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This article was published 27/2/2009 (4499 days ago), so information in it may no longer be current.
OTTAWA -- It might not be a Barack Obama-style welcome, but Manitoba Immigration Minister Nancy Allan will likely be wined and dined next week on a visit to Iceland.
Allan will travel to Reykjavik on Tuesday to sort out the details of a new immigration agreement to help find jobs in Manitoba for some of the thousands of unemployed workers in the economically devastated country.
But she's getting a little nervous because "word is getting out in Iceland" that she is coming.
Atli Asmundsson, the consul general for Iceland in Manitoba, said there is "considerable interest" in Iceland about moving to Manitoba, and Allan's visit will be a big event.
"I dare say it will have quite a lot of attention paid to it," he said.
More than 11,000 people in Iceland are unemployed amid massive economic problems that include the government declaring bankruptcy. Because of Manitoba's large Icelandic population, the provincial government, the Icelandic consulate and government and businesses in Gimli, have seen a flurry of phone calls and email inquiries from Icelanders looking to escape the economic problems of Iceland and immigrate to Manitoba.
Asmundsson said that although it is not all that common for people to want to leave their country, for an Icelander, moving to Manitoba is "completely different" because Manitoba has such a large Icelandic community.
"It makes it seem not as far away as 5,000 kilometres really is," Asmundsson said.
Allan's office has been working with Asmundsson and other Icelandic officials for the last several weeks on a program to help facilitate the move, and on Tuesday she will travel to the country to meet with her counterpart there and get the workings of a deal signed.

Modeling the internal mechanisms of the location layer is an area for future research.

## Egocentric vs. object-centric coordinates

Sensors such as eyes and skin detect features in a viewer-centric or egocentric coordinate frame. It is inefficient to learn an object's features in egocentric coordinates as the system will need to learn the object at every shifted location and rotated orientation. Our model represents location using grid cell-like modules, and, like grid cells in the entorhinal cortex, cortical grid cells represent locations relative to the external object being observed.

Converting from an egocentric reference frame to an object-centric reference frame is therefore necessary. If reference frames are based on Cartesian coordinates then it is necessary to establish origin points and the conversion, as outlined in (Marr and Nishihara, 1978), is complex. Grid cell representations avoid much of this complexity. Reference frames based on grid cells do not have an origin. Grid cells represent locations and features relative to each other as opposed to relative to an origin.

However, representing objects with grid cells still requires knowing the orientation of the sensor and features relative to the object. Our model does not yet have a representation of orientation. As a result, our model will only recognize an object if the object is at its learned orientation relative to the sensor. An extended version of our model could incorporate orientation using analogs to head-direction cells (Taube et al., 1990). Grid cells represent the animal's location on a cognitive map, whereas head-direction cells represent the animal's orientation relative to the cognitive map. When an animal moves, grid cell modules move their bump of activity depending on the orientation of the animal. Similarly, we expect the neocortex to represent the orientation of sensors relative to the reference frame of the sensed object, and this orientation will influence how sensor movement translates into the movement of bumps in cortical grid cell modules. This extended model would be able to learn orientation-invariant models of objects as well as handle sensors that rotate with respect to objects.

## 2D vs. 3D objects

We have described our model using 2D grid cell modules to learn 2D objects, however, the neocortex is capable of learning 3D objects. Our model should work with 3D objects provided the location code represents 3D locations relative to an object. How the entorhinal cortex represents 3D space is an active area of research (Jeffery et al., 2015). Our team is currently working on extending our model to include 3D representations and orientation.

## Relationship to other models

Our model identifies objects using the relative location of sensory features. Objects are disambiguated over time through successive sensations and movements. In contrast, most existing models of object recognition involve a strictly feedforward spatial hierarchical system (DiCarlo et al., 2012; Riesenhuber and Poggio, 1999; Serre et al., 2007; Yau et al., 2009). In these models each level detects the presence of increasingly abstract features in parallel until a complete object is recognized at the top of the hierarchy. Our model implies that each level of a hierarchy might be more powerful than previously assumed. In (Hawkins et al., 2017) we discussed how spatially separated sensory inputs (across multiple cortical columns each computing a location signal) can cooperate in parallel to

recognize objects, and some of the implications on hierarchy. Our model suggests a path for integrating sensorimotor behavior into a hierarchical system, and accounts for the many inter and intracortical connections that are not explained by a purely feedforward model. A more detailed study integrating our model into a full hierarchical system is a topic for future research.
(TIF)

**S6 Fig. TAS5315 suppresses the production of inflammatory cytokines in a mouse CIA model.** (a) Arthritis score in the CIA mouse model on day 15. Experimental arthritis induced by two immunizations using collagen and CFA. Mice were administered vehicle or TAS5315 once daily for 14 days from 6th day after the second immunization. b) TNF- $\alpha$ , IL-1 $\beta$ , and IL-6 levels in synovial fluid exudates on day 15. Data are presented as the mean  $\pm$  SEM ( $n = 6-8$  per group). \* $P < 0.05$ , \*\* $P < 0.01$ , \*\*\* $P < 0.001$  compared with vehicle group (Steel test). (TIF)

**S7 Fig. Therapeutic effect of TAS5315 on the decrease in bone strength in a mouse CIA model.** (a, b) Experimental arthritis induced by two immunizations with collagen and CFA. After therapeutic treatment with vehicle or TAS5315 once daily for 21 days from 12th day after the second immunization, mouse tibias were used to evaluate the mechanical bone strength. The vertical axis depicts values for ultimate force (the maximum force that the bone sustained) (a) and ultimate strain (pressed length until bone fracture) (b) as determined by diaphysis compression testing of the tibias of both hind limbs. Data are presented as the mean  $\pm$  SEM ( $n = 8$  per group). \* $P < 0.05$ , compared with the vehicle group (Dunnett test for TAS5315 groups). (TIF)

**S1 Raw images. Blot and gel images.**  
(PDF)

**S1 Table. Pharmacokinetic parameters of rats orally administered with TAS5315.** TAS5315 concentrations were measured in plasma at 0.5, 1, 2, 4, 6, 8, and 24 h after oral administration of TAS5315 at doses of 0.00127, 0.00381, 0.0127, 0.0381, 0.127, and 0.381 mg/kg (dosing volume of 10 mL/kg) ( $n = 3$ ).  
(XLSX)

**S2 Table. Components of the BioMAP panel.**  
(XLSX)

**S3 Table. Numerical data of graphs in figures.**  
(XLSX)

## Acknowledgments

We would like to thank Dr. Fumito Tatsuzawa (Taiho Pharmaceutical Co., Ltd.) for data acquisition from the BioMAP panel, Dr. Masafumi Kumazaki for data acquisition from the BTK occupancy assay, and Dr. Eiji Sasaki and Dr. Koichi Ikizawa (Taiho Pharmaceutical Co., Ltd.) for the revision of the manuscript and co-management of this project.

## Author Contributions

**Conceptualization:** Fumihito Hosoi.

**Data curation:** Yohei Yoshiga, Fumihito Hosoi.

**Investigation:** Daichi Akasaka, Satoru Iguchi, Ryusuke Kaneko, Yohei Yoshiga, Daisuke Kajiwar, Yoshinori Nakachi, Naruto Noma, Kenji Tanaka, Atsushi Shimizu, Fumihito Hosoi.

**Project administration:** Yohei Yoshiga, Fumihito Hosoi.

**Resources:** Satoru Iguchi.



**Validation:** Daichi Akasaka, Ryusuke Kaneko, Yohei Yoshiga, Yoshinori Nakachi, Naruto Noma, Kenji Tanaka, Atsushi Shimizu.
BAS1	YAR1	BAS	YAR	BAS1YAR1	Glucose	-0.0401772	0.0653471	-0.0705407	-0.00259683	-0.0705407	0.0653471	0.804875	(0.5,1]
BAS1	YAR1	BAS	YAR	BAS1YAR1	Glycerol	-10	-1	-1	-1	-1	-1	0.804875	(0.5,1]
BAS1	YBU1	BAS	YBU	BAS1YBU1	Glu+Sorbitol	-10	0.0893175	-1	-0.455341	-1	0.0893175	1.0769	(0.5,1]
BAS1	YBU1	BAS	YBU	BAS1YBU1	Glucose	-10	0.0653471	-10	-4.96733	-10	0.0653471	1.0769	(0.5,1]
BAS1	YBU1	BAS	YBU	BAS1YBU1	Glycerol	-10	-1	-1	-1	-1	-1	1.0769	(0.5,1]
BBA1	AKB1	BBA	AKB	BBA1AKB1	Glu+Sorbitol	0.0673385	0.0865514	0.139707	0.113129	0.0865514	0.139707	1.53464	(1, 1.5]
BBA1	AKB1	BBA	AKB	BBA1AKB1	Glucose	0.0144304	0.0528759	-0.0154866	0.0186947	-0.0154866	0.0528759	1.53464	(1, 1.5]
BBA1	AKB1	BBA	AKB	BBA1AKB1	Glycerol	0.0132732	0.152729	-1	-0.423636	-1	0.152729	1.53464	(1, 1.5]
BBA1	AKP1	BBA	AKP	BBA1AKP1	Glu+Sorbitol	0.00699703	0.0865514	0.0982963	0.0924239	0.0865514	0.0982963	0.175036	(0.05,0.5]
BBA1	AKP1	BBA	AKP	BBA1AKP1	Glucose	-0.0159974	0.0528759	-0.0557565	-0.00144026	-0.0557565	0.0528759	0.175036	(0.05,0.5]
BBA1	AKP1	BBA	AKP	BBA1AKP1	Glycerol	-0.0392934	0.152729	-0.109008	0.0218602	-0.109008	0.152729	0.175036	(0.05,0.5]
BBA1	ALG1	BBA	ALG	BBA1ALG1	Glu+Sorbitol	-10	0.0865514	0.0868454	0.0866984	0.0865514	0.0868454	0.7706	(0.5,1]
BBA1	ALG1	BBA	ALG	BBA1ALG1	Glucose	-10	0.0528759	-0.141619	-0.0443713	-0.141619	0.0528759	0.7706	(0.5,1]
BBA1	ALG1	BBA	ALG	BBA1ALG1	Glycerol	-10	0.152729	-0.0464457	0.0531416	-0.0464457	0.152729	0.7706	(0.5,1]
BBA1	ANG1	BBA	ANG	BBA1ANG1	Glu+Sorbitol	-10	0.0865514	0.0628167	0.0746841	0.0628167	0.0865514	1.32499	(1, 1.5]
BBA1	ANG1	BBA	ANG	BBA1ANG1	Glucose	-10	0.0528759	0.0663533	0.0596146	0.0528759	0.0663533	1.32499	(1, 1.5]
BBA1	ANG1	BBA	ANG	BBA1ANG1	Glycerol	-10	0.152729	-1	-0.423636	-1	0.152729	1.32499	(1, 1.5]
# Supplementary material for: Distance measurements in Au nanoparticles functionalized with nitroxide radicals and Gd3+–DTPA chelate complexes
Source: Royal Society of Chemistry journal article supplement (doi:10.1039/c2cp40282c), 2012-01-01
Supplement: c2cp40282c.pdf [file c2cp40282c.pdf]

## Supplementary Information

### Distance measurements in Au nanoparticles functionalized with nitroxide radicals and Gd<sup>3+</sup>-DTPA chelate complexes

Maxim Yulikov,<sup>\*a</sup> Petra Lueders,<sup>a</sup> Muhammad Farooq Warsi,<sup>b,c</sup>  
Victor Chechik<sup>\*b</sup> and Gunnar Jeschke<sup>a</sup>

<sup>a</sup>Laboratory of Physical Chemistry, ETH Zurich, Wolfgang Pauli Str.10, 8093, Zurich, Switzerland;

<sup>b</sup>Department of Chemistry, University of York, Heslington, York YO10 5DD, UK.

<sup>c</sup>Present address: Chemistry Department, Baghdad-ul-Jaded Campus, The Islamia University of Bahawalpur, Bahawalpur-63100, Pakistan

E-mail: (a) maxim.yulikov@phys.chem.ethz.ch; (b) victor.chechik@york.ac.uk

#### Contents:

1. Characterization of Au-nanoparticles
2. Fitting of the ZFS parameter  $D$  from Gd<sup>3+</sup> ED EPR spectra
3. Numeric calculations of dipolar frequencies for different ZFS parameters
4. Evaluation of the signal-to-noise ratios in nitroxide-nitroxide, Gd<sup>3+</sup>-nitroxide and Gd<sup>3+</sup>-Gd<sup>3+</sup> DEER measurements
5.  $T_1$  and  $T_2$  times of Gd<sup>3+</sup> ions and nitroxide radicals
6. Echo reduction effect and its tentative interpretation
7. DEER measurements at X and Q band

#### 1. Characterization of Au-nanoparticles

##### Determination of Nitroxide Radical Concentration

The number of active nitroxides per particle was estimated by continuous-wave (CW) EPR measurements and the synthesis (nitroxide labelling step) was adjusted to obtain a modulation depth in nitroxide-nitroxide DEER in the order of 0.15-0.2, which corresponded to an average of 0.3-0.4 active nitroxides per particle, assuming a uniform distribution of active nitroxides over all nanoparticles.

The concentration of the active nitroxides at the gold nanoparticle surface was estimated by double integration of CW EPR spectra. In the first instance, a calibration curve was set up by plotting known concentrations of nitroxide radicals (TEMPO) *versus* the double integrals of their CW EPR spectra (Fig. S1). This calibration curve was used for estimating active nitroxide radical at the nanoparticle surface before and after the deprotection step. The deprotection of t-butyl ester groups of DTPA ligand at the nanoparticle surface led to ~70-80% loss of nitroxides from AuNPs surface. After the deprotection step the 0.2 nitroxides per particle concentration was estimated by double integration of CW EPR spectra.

"We're hoping, certainly, we'll have the basics ironed out," she said.
Manitoba plans to sign an agreement committing the province to help Manitoba employers recruit Icelanders to fill job openings.
In particular, the province is looking at the information technology, biotechnology, geothermal energy, health care and social services sectors, where there is a need in Manitoba and a lot of skilled workers in Iceland.
The agreement will be to grant a temporary- worker permit to anyone who can secure a job in Manitoba. Allan said there will be a lot of scrutiny to ensure these are jobs employers have been unable to fill locally.
"We're going to have to watch this very closely as our own economy faces troubles," she said.
If workers stay for at least six months and have an offer of a permanent job, they'll be able to apply for permanent immigration status through Manitoba's provincial nominee program.
But Allan said the temporary permits will be issued first so if the immigrants want to go home after the Icelandic economy improves, they can easily do so.